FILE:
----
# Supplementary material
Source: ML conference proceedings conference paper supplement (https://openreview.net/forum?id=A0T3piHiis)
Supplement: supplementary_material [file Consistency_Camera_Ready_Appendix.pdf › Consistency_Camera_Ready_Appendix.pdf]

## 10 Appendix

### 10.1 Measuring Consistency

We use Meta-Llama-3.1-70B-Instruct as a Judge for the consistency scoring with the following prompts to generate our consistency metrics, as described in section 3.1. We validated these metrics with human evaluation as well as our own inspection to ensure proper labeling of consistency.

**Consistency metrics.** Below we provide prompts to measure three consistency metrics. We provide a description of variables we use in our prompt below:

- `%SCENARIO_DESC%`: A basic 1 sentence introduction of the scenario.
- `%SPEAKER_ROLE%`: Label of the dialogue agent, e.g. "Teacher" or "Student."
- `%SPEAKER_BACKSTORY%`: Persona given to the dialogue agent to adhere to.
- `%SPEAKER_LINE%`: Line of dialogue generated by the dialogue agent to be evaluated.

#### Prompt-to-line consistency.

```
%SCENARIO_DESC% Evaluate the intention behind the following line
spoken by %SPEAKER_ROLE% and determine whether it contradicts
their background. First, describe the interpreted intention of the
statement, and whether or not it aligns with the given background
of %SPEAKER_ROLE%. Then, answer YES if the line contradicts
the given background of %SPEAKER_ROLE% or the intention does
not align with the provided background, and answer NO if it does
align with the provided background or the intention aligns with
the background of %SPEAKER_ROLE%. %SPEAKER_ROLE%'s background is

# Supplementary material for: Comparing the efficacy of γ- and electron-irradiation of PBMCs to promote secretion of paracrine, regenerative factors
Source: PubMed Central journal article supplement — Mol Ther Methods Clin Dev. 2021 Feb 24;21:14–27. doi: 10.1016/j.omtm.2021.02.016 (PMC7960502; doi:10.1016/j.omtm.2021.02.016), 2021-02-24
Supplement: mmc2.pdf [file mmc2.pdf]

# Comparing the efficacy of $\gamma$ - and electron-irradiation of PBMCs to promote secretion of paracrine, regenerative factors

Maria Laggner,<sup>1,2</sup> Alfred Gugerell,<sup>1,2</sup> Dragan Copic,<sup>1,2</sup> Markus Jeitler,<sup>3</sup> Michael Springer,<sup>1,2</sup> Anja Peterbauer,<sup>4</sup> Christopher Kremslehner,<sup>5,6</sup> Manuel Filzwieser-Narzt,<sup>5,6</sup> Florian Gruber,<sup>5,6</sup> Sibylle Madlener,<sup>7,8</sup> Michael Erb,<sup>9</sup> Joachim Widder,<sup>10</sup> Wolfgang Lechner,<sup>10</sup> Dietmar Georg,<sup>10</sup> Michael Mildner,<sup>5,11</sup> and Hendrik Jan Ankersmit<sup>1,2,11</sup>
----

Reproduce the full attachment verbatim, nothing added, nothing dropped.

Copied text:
# Supplementary material
Source: ML conference proceedings conference paper supplement (https://openreview.net/forum?id=A0T3piHiis)
Supplement: supplementary_material [file Consistency_Camera_Ready_Appendix.pdf › Consistency_Camera_Ready_Appendix.pdf]

## 10 Appendix

### 10.1 Measuring Consistency

We use Meta-Llama-3.1-70B-Instruct as a Judge for the consistency scoring with the following prompts to generate our consistency metrics, as described in section 3.1. We validated these metrics with human evaluation as well as our own inspection to ensure proper labeling of consistency.

**Consistency metrics.** Below we provide prompts to measure three consistency metrics. We provide a description of variables we use in our prompt below:

- `%SCENARIO_DESC%`: A basic 1 sentence introduction of the scenario.
- `%SPEAKER_ROLE%`: Label of the dialogue agent, e.g. "Teacher" or "Student."
- `%SPEAKER_BACKSTORY%`: Persona given to the dialogue agent to adhere to.
- `%SPEAKER_LINE%`: Line of dialogue generated by the dialogue agent to be evaluated.

#### Prompt-to-line consistency.

```
%SCENARIO_DESC% Evaluate the intention behind the following line
spoken by %SPEAKER_ROLE% and determine whether it contradicts
their background. First, describe the interpreted intention of the
statement, and whether or not it aligns with the given background
of %SPEAKER_ROLE%. Then, answer YES if the line contradicts
the given background of %SPEAKER_ROLE% or the intention does
not align with the provided background, and answer NO if it does
align with the provided background or the intention aligns with
the background of %SPEAKER_ROLE%. %SPEAKER_ROLE%'s background is

# Supplementary material for: Comparing the efficacy of γ- and electron-irradiation of PBMCs to promote secretion of paracrine, regenerative factors
Source: PubMed Central journal article supplement — Mol Ther Methods Clin Dev. 2021 Feb 24;21:14–27. doi: 10.1016/j.omtm.2021.02.016 (PMC7960502; doi:10.1016/j.omtm.2021.02.016), 2021-02-24
Supplement: mmc2.pdf [file mmc2.pdf]

# Comparing the efficacy of $\gamma$ - and electron-irradiation of PBMCs to promote secretion of paracrine, regenerative factors

Maria Laggner,<sup>1,2</sup> Alfred Gugerell,<sup>1,2</sup> Dragan Copic,<sup>1,2</sup> Markus Jeitler,<sup>3</sup> Michael Springer,<sup>1,2</sup> Anja Peterbauer,<sup>4</sup> Christopher Kremslehner,<sup>5,6</sup> Manuel Filzwieser-Narzt,<sup>5,6</sup> Florian Gruber,<sup>5,6</sup> Sibylle Madlener,<sup>7,8</sup> Michael Erb,<sup>9</sup> Joachim Widder,<sup>10</sup> Wolfgang Lechner,<sup>10</sup> Dietmar Georg,<sup>10</sup> Michael Mildner,<sup>5,11</sup> and Hendrik Jan Ankersmit<sup>1,2,11</sup>